Consider the following “dos and don’ts” for holding difficult conversations:
- Don’t get stuck in the preparation phase. Practice is vital, but don’t use it as an excuse not to hold the real conversation.
- Don’t use comparative language: “You should write your reports the way Emily does.”
- Don’t assume you have all the facts. It’s possible there’s a story behind the story, and while it may not change the feedback you offer, the additional context may change how you deliver it.
- Do Think Win-Win. Make sure your motives are genuine.
- Do describe your concerns. Use terms like “I was surprised to hear…” or “I’m concerned about…”
- Do give specific examples. Focus on facts versus your opinions.
- Do listen. Concentrate and reflect on the way the other person feels.
- Do ask open-ended questions: “People are perceiving you this way — can you tell me why you think that’s happening?”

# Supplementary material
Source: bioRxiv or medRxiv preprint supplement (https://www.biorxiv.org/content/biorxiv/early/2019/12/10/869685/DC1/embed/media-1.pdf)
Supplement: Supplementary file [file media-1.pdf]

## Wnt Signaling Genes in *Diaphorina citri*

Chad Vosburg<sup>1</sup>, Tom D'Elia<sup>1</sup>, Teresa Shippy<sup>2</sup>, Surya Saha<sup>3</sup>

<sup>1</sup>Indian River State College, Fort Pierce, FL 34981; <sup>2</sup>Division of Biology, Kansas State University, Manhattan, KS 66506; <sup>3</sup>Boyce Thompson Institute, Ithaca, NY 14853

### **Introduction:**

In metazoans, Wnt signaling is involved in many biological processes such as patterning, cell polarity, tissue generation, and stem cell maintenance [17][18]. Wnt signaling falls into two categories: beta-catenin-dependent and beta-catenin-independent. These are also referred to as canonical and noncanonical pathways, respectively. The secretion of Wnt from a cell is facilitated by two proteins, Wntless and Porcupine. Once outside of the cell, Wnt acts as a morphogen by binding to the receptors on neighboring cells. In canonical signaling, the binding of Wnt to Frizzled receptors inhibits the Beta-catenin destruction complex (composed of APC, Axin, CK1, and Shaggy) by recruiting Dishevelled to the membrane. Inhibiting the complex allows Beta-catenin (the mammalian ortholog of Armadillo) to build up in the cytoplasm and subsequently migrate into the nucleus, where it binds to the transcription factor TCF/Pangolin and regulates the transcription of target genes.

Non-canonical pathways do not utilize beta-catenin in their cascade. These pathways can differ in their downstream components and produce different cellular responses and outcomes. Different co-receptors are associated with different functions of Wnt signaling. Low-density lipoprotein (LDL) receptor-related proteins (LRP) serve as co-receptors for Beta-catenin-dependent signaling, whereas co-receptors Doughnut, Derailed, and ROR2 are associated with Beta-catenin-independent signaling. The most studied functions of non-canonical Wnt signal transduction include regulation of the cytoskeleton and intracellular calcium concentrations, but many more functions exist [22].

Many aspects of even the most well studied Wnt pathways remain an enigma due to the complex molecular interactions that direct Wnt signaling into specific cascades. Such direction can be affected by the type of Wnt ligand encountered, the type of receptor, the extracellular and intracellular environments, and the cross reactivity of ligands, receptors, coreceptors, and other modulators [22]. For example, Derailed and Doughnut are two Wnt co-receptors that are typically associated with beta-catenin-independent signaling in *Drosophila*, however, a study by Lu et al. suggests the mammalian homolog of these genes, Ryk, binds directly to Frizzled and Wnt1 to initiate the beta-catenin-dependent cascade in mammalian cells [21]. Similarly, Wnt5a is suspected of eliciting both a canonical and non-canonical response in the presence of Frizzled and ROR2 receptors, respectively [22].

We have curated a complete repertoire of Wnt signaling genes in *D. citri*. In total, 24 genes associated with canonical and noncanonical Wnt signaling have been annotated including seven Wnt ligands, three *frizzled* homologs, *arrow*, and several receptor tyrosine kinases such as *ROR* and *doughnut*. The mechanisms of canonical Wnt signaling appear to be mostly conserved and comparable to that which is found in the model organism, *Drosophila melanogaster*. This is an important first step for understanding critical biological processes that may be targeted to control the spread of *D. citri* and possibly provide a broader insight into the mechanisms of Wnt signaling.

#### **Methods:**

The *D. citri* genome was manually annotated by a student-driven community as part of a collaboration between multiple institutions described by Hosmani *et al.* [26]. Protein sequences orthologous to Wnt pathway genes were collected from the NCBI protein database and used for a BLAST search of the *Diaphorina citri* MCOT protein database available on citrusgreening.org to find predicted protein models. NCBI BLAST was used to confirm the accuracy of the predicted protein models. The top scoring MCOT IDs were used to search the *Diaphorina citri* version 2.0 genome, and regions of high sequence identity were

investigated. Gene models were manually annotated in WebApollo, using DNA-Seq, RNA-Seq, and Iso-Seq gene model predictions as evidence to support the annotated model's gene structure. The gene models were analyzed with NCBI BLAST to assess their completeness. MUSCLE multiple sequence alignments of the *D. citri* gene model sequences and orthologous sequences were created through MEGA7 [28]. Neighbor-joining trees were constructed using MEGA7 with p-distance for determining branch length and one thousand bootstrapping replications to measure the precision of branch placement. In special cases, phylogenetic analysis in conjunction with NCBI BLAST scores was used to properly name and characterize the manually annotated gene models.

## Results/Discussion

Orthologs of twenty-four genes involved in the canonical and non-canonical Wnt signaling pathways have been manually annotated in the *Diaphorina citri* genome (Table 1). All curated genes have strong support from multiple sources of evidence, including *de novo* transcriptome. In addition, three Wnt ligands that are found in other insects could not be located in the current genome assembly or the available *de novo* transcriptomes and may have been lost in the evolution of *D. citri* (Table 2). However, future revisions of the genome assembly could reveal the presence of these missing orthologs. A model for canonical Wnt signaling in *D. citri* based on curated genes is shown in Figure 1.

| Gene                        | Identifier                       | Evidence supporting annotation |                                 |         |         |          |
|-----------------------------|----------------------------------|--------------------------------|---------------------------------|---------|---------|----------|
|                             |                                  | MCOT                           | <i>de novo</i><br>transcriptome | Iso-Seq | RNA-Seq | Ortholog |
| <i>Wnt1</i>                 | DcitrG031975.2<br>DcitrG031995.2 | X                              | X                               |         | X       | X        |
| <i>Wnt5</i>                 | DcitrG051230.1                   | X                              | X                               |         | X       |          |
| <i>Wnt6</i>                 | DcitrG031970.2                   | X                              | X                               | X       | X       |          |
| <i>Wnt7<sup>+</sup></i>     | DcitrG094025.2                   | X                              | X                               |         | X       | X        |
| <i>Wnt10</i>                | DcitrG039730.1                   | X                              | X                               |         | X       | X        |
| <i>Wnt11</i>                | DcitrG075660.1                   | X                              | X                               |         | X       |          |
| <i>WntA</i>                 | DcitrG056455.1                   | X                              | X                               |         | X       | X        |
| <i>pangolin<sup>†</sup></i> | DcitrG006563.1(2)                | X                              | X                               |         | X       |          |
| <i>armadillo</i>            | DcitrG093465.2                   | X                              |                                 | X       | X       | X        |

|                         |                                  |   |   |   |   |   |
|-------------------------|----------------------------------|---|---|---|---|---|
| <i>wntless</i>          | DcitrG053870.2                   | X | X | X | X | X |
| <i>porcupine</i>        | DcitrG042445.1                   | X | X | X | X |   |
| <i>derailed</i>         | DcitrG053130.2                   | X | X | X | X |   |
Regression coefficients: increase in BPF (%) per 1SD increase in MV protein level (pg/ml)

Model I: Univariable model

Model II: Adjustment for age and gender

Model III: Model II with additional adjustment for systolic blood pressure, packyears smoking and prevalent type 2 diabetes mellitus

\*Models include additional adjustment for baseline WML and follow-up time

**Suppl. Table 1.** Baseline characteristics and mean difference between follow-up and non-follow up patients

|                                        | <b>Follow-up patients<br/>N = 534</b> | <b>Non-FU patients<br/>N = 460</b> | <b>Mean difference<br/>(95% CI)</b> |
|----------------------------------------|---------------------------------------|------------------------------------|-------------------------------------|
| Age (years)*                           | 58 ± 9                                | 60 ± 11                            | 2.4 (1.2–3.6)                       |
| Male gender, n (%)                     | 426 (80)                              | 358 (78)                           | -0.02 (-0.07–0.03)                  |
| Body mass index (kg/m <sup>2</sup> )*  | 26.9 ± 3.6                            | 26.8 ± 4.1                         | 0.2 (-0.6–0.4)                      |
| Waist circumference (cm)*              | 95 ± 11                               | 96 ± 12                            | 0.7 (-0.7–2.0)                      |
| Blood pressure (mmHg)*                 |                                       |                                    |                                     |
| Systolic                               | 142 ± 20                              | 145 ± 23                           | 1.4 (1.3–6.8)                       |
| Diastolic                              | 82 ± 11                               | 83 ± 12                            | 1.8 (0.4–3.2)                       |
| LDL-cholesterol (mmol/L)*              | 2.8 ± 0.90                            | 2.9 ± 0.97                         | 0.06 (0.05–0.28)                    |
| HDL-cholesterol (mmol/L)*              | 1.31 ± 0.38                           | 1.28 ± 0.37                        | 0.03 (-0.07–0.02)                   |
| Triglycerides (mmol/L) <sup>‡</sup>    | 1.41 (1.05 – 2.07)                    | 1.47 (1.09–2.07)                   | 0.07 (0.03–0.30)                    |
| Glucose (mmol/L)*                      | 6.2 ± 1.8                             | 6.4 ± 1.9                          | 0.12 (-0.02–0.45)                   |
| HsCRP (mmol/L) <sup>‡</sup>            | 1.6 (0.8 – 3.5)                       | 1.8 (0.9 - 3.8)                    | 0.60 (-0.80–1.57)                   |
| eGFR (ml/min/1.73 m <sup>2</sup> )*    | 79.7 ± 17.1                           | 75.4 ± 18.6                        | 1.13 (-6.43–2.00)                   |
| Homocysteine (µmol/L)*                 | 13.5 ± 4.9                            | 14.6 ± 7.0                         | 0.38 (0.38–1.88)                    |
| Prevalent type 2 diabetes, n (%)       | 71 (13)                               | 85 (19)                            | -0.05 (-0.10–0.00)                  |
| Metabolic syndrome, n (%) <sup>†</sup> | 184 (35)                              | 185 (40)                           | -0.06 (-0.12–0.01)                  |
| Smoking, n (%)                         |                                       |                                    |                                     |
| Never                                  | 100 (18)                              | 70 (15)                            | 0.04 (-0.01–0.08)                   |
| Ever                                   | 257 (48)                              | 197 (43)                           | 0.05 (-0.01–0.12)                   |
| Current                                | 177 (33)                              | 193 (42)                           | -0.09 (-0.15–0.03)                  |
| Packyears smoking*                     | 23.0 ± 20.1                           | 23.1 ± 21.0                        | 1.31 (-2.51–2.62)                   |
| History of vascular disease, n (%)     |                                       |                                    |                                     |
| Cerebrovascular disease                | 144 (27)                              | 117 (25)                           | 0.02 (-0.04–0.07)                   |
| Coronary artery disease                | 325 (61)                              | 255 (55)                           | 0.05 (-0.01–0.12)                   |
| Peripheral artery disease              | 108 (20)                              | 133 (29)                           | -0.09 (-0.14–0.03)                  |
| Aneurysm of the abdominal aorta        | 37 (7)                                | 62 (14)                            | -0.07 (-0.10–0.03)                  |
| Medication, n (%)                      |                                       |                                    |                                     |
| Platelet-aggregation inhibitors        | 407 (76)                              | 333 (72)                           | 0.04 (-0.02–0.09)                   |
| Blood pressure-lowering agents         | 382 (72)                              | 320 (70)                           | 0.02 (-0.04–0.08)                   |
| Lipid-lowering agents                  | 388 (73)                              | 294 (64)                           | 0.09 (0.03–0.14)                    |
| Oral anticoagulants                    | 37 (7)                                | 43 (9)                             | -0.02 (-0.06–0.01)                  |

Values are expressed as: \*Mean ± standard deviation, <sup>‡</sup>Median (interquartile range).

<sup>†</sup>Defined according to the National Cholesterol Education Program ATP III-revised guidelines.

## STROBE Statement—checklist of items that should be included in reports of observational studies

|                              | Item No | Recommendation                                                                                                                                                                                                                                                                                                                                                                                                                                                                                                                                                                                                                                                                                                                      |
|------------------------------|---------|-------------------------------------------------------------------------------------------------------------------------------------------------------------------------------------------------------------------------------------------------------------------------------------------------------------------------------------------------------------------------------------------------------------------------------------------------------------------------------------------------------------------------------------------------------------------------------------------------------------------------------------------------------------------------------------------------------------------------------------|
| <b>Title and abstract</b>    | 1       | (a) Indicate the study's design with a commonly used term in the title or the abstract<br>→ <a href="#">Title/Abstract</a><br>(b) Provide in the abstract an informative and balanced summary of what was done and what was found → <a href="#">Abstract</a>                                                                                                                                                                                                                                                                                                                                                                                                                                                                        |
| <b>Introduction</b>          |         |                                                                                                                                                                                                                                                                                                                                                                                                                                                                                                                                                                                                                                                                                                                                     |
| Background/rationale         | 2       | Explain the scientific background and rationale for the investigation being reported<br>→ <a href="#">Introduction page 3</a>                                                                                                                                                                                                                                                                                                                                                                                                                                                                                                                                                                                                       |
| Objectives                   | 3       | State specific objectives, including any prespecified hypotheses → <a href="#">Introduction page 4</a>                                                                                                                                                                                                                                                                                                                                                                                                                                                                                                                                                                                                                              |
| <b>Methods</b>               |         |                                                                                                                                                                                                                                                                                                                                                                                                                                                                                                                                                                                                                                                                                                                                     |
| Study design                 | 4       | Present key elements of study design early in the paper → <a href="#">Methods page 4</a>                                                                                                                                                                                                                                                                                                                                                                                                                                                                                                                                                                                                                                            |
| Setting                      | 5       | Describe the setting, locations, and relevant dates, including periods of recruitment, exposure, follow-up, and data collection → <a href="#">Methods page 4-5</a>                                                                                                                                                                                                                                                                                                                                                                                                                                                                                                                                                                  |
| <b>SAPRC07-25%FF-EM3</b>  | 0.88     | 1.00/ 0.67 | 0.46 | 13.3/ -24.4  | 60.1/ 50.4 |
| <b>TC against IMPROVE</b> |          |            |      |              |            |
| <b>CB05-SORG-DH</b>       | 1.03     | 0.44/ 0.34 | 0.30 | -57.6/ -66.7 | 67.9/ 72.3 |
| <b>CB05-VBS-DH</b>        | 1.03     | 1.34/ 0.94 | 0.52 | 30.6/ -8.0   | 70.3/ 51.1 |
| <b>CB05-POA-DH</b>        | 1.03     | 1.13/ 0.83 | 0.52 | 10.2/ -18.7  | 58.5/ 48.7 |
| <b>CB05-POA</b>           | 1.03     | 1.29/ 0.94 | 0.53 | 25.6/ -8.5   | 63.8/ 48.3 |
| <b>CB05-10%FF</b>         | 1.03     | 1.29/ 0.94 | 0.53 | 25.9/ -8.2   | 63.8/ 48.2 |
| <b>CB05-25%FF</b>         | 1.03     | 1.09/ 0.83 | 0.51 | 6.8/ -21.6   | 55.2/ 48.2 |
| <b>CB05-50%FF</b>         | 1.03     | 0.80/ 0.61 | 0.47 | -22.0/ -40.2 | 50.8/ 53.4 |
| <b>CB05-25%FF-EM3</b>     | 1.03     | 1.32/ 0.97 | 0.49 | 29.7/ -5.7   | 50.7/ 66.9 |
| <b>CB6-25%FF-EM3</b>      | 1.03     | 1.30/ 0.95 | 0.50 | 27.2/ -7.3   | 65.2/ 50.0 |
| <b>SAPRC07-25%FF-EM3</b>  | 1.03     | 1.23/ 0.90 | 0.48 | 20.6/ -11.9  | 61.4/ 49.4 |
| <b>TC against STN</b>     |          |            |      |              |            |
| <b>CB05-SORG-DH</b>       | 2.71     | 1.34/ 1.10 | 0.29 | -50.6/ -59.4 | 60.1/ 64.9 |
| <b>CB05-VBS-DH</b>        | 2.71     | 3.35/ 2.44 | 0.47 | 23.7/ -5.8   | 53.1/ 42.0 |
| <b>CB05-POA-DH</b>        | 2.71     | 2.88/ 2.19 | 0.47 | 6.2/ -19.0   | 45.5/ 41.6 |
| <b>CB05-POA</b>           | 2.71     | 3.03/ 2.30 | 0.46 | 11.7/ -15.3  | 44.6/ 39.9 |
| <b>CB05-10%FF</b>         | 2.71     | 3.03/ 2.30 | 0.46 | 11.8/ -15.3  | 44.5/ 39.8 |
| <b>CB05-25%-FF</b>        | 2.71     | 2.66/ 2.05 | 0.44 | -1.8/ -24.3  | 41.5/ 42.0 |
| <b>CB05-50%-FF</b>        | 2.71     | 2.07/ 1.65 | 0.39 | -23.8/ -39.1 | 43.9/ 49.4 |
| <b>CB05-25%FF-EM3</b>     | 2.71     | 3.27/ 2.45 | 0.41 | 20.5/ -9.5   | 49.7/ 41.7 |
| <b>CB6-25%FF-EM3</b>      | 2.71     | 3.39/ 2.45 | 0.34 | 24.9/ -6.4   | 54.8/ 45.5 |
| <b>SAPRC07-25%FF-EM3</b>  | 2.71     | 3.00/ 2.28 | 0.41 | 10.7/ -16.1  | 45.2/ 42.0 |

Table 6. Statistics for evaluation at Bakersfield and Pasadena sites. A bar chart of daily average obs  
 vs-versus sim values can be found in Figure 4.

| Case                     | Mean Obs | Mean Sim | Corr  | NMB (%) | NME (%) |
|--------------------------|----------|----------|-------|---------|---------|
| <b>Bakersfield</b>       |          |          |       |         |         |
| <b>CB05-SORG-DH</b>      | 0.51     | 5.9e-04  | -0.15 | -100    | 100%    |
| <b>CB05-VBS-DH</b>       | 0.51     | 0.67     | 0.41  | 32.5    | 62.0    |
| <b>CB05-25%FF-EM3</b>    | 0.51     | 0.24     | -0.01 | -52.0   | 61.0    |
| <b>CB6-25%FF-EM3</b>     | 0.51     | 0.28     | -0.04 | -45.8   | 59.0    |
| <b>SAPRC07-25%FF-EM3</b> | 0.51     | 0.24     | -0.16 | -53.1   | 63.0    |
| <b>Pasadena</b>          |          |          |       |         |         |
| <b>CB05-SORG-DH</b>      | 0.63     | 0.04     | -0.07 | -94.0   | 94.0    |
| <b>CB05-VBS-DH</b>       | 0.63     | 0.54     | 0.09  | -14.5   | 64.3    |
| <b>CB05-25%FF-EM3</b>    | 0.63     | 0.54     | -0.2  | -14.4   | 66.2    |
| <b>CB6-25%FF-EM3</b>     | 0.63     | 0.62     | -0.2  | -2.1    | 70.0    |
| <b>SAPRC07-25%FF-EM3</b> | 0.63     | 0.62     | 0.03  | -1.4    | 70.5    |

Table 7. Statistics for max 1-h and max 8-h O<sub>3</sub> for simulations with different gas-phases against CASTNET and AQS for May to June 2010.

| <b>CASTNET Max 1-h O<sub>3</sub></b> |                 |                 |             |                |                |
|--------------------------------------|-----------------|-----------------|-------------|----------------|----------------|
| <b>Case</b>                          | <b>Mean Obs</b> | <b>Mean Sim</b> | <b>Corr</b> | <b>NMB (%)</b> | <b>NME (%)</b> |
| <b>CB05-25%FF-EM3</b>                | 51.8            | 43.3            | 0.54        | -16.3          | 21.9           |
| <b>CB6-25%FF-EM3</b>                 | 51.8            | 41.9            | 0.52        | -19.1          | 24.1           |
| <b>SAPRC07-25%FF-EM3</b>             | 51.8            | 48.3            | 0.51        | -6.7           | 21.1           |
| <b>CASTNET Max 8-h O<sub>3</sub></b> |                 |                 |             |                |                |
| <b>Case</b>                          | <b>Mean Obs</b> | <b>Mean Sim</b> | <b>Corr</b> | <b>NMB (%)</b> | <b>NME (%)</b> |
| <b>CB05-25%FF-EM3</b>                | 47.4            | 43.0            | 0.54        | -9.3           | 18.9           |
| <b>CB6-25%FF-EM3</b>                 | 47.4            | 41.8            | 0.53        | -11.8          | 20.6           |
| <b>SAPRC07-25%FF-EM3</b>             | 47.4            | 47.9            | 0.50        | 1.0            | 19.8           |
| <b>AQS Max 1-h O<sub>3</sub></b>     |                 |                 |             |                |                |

- Do be as specific as possible without violating the person’s privacy. It’s a delicate balance that requires sophistication and genuine care.
FROM MESS TO SUCCESS: LEAD DIFFICULT CONVERSATIONS
- Identify a difficult conversation you need to hold.
- If you’ve been delaying it, have an honest conversation with yourself about why. Is it the nature of your relationship with the other person? Your discomfort with the topic? Your skill and confidence in communicating it appropriately? Pinpoint the root cause and address that first.
- Identify a more seasoned leader with whom you can role-play the conversation. Be aware of sensitive information and confidentiality.
- Take a moment and challenge your paradigm —
- Are you viewing the issue holistically? Have you gathered all the relevant facts? Have you considered the other person’s point of view, and are you open-minded about the path forward?